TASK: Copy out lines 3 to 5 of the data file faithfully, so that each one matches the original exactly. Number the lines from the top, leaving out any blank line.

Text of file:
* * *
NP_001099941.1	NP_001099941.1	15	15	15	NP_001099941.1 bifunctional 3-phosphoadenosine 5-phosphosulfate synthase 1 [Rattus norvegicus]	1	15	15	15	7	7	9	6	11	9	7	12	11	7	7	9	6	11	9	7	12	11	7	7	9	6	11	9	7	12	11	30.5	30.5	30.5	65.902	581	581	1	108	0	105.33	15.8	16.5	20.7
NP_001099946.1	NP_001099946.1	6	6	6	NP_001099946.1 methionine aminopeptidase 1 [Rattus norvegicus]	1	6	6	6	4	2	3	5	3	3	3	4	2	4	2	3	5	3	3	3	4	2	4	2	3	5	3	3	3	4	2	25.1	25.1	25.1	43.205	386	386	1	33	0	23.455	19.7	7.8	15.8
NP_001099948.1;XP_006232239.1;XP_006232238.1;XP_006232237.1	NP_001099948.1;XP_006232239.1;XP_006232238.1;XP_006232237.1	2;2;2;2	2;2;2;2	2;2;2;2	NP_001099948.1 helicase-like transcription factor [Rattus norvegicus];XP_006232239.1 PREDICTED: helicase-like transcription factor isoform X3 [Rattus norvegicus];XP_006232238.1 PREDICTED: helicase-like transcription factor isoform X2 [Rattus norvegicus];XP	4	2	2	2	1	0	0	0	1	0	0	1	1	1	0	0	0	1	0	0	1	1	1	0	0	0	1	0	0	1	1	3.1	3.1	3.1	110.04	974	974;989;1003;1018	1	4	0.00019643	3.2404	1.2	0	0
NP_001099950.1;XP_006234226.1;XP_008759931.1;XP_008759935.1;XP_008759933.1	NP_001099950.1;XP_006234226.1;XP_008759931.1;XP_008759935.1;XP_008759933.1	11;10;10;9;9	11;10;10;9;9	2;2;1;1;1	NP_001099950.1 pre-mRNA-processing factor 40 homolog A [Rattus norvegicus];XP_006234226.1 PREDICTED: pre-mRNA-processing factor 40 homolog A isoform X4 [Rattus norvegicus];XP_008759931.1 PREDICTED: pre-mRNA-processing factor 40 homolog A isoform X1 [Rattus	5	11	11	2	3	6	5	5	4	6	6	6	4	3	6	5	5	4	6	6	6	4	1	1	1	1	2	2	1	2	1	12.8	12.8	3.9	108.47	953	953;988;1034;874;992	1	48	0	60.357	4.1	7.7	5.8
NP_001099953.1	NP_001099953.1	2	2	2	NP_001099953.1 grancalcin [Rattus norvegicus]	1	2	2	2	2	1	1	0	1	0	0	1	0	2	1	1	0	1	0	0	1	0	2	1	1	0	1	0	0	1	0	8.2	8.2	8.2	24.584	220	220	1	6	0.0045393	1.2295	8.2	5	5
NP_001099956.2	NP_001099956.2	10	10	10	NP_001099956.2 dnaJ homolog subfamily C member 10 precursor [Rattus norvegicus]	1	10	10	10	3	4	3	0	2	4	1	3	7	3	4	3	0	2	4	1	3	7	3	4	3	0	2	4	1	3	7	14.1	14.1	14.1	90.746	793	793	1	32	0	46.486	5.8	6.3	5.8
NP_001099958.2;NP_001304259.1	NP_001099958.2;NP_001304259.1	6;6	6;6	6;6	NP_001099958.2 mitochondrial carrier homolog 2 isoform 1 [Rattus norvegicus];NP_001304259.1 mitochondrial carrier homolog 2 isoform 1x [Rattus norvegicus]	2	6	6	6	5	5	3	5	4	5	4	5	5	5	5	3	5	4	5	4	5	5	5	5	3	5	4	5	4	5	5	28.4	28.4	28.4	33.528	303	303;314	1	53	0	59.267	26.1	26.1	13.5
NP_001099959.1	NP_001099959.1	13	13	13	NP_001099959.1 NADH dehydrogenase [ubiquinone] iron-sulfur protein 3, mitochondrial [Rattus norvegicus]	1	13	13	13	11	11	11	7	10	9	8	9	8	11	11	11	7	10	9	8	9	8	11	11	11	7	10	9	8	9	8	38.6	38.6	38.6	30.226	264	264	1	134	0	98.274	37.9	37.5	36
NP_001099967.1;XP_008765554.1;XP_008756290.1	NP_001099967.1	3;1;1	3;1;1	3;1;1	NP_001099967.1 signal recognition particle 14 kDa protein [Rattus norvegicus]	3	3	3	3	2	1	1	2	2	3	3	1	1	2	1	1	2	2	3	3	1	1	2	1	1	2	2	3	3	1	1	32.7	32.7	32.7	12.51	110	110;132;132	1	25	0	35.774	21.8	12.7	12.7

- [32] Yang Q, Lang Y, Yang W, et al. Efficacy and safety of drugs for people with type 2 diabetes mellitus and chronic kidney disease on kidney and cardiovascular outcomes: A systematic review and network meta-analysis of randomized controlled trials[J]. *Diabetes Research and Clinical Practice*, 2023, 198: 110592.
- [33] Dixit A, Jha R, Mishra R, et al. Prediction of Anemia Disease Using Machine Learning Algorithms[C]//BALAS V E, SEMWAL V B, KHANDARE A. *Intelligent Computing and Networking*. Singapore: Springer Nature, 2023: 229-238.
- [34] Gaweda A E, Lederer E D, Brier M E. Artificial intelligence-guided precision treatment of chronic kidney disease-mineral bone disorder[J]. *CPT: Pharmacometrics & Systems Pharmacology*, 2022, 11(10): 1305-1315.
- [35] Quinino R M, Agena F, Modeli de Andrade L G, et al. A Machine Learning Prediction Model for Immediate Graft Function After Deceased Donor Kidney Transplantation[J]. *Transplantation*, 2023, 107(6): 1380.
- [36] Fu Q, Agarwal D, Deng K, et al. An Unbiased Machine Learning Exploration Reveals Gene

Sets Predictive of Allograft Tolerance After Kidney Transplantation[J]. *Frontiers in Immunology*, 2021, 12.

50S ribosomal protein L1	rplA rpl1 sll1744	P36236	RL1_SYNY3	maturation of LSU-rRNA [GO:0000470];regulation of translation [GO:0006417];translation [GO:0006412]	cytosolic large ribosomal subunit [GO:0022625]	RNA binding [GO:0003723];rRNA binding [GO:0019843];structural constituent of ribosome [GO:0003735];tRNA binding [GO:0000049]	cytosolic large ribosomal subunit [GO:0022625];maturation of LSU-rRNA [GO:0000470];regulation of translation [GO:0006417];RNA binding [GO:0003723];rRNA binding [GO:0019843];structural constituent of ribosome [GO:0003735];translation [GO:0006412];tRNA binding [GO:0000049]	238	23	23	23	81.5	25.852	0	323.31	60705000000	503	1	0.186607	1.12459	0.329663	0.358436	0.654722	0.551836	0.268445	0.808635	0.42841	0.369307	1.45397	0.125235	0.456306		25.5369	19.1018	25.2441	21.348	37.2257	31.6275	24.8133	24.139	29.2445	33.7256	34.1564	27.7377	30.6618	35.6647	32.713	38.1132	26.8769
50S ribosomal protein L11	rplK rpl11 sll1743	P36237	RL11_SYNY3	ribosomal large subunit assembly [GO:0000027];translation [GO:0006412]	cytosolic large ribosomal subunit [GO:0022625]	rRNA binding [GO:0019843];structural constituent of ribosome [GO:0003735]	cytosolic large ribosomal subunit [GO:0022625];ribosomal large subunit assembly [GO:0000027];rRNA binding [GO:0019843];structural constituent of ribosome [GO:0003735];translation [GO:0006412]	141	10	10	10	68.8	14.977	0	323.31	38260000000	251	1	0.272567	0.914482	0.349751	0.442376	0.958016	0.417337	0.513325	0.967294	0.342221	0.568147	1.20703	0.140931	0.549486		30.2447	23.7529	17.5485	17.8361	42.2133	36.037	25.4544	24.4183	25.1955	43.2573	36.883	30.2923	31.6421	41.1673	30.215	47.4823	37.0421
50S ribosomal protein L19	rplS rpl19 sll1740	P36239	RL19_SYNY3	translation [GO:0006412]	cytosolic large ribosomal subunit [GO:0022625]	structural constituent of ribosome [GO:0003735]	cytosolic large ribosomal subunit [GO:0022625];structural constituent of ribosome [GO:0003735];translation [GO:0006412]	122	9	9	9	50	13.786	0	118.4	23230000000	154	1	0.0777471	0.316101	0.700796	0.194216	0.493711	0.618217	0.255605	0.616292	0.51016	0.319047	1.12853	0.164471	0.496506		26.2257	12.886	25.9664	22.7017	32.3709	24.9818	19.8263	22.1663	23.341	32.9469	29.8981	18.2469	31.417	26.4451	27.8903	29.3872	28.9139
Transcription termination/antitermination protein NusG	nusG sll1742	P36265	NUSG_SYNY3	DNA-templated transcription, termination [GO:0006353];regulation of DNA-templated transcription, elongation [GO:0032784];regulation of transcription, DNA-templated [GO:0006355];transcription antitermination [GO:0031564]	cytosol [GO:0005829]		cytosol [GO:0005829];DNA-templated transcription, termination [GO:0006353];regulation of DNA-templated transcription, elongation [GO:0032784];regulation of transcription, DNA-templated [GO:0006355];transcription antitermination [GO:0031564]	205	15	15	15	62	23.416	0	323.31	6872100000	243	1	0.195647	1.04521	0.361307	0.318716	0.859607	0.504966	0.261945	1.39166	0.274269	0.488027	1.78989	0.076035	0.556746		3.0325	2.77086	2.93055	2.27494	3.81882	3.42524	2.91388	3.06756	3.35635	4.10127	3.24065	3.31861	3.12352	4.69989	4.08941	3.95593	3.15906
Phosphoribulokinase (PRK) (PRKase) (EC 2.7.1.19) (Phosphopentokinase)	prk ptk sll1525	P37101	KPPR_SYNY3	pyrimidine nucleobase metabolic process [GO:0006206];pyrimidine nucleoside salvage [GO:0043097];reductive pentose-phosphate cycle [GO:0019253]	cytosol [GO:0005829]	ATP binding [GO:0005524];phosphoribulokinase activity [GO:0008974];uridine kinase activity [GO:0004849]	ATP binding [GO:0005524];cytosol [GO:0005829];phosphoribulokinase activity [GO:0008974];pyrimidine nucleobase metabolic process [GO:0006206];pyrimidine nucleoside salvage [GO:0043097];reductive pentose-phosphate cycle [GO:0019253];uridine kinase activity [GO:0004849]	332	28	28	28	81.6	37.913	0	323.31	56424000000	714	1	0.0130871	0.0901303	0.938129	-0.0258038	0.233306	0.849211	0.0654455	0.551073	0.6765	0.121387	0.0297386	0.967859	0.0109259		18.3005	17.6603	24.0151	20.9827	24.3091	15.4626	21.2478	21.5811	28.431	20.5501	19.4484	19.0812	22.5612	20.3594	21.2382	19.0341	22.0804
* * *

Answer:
NP_001099948.1;XP_006232239.1;XP_006232238.1;XP_006232237.1	NP_001099948.1;XP_006232239.1;XP_006232238.1;XP_006232237.1	2;2;2;2	2;2;2;2	2;2;2;2	NP_001099948.1 helicase-like transcription factor [Rattus norvegicus];XP_006232239.1 PREDICTED: helicase-like transcription factor isoform X3 [Rattus norvegicus];XP_006232238.1 PREDICTED: helicase-like transcription factor isoform X2 [Rattus norvegicus];XP	4	2	2	2	1	0	0	0	1	0	0	1	1	1	0	0	0	1	0	0	1	1	1	0	0	0	1	0	0	1	1	3.1	3.1	3.1	110.04	974	974;989;1003;1018	1	4	0.00019643	3.2404	1.2	0	0
NP_001099950.1;XP_006234226.1;XP_008759931.1;XP_008759935.1;XP_008759933.1	NP_001099950.1;XP_006234226.1;XP_008759931.1;XP_008759935.1;XP_008759933.1	11;10;10;9;9	11;10;10;9;9	2;2;1;1;1	NP_001099950.1 pre-mRNA-processing factor 40 homolog A [Rattus norvegicus];XP_006234226.1 PREDICTED: pre-mRNA-processing factor 40 homolog A isoform X4 [Rattus norvegicus];XP_008759931.1 PREDICTED: pre-mRNA-processing factor 40 homolog A isoform X1 [Rattus	5	11	11	2	3	6	5	5	4	6	6	6	4	3	6	5	5	4	6	6	6	4	1	1	1	1	2	2	1	2	1	12.8	12.8	3.9	108.47	953	953;988;1034;874;992	1	48	0	60.357	4.1	7.7	5.8
NP_001099953.1	NP_001099953.1	2	2	2	NP_001099953.1 grancalcin [Rattus norvegicus]	1	2	2	2	2	1	1	0	1	0	0	1	0	2	1	1	0	1	0	0	1	0	2	1	1	0	1	0	0	1	0	8.2	8.2	8.2	24.584	220	220	1	6	0.0045393	1.2295	8.2	5	5